But even with the auto loan payments starting up again, my credit had already received a history of late payments that were damaging not only my credit score but my ability to qualify for better interest rates on mortgages, loans, and credit cards. I realized that I made a mistake when I signed the loan for my friend.

Shared Financial Responsibility

It is important to remember that cosigning on any loan represents that you are willing to take full responsibility for the loan getting paid as agreed. In the event that the account is not paid on time or payments are missed, the creditor has a right to collect money from you, as well as send negative information to the credit reporting agencies.

Furthermore, if the account is sent to collections, the collection agency can try to collect from both the primary and the cosigner. This includes anything that the law permits, including legal action and negative reporting to the credit card agencies.

Both applicants are equally responsible for payments getting made on the account.

So why do people continue to co-sign when there are so many reasons not to? Often people confuse a co-signer or co-applicant with an authorized user.

Co-signer vs Authorized user

An authorized user on a credit card has their own physical card and can charge to the account just as the primary user does. However, the difference is that an authorized user is not responsible for payments. An authorized user cannot have their credit affected in the event that the account goes into default.

Where most people get themselves into trouble is by authorizing someone on their account: this gives an individual all of the spending power without the responsibility of having to make payments. Needless to say, this can lead to problems down the road. With no responsibility, the temptation to overspend can be overwhelming. Also, the primary cardholder may find it hard to motivate the authorized user to be responsible or contribute payments.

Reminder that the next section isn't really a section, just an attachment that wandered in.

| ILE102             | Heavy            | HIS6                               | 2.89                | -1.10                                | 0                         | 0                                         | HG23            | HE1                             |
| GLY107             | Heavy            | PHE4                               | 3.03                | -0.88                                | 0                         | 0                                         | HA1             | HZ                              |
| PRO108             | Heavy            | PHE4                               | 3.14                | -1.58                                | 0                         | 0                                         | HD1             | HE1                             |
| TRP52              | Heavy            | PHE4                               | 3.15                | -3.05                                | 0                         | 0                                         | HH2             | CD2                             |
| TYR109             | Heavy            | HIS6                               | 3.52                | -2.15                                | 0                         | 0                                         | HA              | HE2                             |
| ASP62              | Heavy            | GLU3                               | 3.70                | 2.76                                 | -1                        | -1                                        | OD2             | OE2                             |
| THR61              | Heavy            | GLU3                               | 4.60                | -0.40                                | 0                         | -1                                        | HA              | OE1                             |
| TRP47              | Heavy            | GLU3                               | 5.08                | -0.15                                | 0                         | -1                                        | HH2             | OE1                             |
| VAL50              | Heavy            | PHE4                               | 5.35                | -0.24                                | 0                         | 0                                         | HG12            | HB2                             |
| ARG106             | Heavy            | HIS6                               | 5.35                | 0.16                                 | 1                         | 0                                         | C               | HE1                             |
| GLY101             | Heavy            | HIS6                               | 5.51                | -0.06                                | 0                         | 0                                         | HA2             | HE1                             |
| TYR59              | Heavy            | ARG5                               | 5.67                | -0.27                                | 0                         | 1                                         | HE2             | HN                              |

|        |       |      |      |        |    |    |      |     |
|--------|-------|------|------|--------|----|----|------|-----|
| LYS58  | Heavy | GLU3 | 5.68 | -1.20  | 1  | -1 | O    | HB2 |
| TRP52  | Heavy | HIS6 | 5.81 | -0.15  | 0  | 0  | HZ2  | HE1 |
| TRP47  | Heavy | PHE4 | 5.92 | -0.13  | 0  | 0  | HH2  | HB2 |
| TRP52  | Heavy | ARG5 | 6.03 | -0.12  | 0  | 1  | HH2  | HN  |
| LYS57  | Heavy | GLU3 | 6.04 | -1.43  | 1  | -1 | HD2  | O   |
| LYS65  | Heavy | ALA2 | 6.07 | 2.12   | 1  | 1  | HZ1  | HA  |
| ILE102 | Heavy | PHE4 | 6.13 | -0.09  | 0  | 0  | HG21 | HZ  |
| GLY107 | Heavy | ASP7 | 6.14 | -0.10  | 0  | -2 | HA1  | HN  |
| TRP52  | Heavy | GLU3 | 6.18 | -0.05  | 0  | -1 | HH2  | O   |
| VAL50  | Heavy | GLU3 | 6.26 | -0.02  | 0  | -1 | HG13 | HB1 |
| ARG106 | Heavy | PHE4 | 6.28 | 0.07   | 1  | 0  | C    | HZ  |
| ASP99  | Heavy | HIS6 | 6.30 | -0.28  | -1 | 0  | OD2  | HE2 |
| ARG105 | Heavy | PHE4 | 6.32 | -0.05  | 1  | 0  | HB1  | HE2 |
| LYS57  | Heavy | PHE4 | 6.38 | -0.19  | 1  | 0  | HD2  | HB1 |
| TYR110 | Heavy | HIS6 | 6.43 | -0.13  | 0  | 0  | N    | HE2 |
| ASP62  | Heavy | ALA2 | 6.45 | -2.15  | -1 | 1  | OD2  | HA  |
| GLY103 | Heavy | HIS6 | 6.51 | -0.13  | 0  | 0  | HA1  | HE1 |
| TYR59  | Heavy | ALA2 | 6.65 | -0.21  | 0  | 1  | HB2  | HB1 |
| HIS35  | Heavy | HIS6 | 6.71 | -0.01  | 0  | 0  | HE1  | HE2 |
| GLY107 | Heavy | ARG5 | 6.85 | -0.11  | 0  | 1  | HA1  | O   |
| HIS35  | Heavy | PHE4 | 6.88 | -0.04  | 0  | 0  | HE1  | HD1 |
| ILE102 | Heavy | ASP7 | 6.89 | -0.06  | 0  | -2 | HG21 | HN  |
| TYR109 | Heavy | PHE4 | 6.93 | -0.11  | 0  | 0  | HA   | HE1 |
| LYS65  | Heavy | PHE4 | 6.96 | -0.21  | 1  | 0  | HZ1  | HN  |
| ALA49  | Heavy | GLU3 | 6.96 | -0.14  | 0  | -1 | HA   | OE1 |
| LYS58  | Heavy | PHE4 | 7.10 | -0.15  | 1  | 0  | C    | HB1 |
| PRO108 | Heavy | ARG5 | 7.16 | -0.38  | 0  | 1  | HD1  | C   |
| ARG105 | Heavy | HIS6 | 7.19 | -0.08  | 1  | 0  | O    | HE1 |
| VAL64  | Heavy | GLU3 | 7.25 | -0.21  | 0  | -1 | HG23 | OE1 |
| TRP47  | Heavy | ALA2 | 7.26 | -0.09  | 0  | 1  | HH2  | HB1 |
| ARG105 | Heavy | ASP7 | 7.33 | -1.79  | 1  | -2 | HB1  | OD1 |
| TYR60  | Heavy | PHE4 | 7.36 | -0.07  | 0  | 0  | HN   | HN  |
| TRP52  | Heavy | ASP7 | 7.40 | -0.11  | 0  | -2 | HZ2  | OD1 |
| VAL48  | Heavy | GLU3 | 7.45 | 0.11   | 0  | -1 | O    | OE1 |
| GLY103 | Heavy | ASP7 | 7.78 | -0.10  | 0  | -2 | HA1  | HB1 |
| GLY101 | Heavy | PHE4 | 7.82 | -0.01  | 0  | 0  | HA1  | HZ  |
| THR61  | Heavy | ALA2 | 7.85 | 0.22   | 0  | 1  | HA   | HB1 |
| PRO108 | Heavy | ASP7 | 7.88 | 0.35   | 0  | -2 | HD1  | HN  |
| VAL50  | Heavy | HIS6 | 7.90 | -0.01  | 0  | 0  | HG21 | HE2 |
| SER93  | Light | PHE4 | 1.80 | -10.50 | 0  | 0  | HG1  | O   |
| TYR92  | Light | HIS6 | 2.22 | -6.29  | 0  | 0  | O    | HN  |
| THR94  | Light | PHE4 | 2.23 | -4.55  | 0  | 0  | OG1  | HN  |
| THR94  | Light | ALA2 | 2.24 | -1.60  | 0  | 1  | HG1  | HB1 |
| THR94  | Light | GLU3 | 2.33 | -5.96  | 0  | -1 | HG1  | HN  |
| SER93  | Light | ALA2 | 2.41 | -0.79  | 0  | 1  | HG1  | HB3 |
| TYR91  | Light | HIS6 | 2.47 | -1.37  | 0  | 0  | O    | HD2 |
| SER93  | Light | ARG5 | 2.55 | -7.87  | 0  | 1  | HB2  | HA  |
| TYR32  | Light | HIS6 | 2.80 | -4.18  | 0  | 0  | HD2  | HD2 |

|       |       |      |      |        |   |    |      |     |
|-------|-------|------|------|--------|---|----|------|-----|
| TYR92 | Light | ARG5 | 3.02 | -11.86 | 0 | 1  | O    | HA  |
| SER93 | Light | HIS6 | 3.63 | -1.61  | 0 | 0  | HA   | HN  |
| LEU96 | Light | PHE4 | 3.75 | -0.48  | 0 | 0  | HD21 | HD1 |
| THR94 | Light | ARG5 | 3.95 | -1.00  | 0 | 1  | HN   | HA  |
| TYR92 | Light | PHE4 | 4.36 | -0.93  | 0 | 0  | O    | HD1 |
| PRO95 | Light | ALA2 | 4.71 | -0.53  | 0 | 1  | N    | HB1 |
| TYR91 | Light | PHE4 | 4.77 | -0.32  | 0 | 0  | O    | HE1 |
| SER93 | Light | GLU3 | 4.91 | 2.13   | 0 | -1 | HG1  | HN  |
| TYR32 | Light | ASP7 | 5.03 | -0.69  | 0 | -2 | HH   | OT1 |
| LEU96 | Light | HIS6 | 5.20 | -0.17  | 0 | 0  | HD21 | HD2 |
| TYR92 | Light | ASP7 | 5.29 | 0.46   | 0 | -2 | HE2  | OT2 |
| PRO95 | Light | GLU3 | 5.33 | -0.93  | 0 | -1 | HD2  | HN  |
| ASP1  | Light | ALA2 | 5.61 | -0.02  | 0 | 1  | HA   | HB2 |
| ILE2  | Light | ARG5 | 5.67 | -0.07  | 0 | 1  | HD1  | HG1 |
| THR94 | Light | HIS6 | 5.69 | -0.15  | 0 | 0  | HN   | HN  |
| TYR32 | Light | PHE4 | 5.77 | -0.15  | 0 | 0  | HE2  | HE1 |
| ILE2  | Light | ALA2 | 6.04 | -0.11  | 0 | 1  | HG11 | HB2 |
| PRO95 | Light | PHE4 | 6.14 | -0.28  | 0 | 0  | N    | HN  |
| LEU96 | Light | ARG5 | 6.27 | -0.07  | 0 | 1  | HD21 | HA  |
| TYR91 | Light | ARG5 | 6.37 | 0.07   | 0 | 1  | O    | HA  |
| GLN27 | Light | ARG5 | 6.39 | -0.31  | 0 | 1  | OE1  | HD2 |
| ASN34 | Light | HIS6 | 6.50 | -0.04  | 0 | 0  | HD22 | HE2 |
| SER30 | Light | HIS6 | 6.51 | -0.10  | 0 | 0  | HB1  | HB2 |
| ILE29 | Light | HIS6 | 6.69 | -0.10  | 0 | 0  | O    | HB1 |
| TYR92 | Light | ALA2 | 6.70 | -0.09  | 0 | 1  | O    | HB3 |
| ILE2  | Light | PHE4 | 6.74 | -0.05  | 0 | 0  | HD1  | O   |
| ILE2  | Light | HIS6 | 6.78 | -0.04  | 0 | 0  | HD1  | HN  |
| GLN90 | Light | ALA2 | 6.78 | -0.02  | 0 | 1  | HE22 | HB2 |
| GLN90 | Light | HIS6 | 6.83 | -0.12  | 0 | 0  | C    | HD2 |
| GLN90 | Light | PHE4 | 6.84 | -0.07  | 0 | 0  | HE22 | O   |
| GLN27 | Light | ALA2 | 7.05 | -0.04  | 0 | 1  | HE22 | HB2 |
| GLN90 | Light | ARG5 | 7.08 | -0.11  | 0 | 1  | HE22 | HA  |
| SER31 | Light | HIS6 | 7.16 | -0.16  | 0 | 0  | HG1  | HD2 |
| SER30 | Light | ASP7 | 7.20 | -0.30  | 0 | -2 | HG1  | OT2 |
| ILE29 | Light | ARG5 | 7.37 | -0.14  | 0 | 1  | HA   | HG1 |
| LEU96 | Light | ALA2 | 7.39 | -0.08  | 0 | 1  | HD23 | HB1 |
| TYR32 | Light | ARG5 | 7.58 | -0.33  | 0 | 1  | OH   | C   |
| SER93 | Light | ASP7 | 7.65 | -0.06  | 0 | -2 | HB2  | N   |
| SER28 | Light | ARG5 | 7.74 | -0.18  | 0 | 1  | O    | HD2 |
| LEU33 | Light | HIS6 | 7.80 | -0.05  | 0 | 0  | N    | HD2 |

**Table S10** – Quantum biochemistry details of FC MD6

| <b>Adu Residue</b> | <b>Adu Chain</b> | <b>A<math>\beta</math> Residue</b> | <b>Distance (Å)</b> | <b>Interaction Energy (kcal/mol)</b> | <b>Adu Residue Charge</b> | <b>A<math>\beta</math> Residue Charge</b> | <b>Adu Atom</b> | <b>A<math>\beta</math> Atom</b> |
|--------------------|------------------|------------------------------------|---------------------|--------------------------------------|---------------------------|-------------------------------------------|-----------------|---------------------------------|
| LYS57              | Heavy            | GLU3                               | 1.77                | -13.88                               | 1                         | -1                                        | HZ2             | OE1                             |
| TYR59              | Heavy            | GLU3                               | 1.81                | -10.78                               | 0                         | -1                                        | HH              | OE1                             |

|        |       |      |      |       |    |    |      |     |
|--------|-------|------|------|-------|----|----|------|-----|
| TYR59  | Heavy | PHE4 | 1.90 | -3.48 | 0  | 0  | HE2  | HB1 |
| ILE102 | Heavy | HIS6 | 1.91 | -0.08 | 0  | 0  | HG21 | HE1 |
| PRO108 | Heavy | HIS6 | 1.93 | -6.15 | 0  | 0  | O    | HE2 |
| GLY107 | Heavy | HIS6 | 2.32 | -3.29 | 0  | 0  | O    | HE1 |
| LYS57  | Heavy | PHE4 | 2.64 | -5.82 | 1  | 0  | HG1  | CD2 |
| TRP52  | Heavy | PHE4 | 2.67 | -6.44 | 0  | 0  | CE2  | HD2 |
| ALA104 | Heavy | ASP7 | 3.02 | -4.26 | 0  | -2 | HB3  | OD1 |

By the same token, if payments are made on an account consistently, only a co-applicant will receive the positive payment history, an authorized user would not see the account on their credit score.

When it comes to credit, you must understand what you are agreeing to. Be cautious when allowing someone to borrow a card or when you cosign for someone.

Financial Enabling

Doing what seems like a favor for a friend or family member could actually be financially enabling them and can lead to a stressful situation down the road, especially if your friend or family member discontinues payments or consistently make them late. They may be experiencing financial hardship, but those missed or late payments are damaging your credit in the interim. Damage to your credit score can sometimes take years to recover from. The only way to fix a credit report from missed or late payments is time and continued responsible credit use.

Parents cosigning for their children should use caution and realize that they will be responsible for missed payments as well. If the parents can’t make the payments in the event that the children don’t, they should be aware of the risks that they are getting themselves into and perhaps reconsider signing.